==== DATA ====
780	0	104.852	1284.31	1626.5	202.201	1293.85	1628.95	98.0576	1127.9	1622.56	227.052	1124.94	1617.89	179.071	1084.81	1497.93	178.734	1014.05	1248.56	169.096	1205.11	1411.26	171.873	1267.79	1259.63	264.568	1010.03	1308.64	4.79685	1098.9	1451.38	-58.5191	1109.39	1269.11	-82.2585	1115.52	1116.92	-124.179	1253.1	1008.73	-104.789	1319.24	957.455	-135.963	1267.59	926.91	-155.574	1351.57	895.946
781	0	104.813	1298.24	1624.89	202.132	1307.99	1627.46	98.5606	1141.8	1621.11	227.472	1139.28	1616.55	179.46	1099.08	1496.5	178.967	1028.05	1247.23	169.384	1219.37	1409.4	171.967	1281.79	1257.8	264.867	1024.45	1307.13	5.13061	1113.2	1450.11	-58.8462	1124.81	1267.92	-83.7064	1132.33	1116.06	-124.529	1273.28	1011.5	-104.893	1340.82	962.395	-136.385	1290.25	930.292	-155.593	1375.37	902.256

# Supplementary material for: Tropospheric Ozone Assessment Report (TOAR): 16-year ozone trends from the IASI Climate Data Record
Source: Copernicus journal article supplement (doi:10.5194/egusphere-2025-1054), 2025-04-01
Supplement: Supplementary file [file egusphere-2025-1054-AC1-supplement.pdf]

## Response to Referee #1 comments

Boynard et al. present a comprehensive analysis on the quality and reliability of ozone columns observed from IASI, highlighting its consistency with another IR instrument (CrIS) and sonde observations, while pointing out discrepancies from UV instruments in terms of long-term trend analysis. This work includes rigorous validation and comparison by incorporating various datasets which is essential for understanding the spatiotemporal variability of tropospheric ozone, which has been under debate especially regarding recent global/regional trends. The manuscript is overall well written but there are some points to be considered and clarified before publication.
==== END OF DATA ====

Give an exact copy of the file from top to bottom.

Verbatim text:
780	0	104.852	1284.31	1626.5	202.201	1293.85	1628.95	98.0576	1127.9	1622.56	227.052	1124.94	1617.89	179.071	1084.81	1497.93	178.734	1014.05	1248.56	169.096	1205.11	1411.26	171.873	1267.79	1259.63	264.568	1010.03	1308.64	4.79685	1098.9	1451.38	-58.5191	1109.39	1269.11	-82.2585	1115.52	1116.92	-124.179	1253.1	1008.73	-104.789	1319.24	957.455	-135.963	1267.59	926.91	-155.574	1351.57	895.946
781	0	104.813	1298.24	1624.89	202.132	1307.99	1627.46	98.5606	1141.8	1621.11	227.472	1139.28	1616.55	179.46	1099.08	1496.5	178.967	1028.05	1247.23	169.384	1219.37	1409.4	171.967	1281.79	1257.8	264.867	1024.45	1307.13	5.13061	1113.2	1450.11	-58.8462	1124.81	1267.92	-83.7064	1132.33	1116.06	-124.529	1273.28	1011.5	-104.893	1340.82	962.395	-136.385	1290.25	930.292	-155.593	1375.37	902.256

# Supplementary material for: Tropospheric Ozone Assessment Report (TOAR): 16-year ozone trends from the IASI Climate Data Record
Source: Copernicus journal article supplement (doi:10.5194/egusphere-2025-1054), 2025-04-01
Supplement: Supplementary file [file egusphere-2025-1054-AC1-supplement.pdf]

## Response to Referee #1 comments

Boynard et al. present a comprehensive analysis on the quality and reliability of ozone columns observed from IASI, highlighting its consistency with another IR instrument (CrIS) and sonde observations, while pointing out discrepancies from UV instruments in terms of long-term trend analysis. This work includes rigorous validation and comparison by incorporating various datasets which is essential for understanding the spatiotemporal variability of tropospheric ozone, which has been under debate especially regarding recent global/regional trends. The manuscript is overall well written but there are some points to be considered and clarified before publication.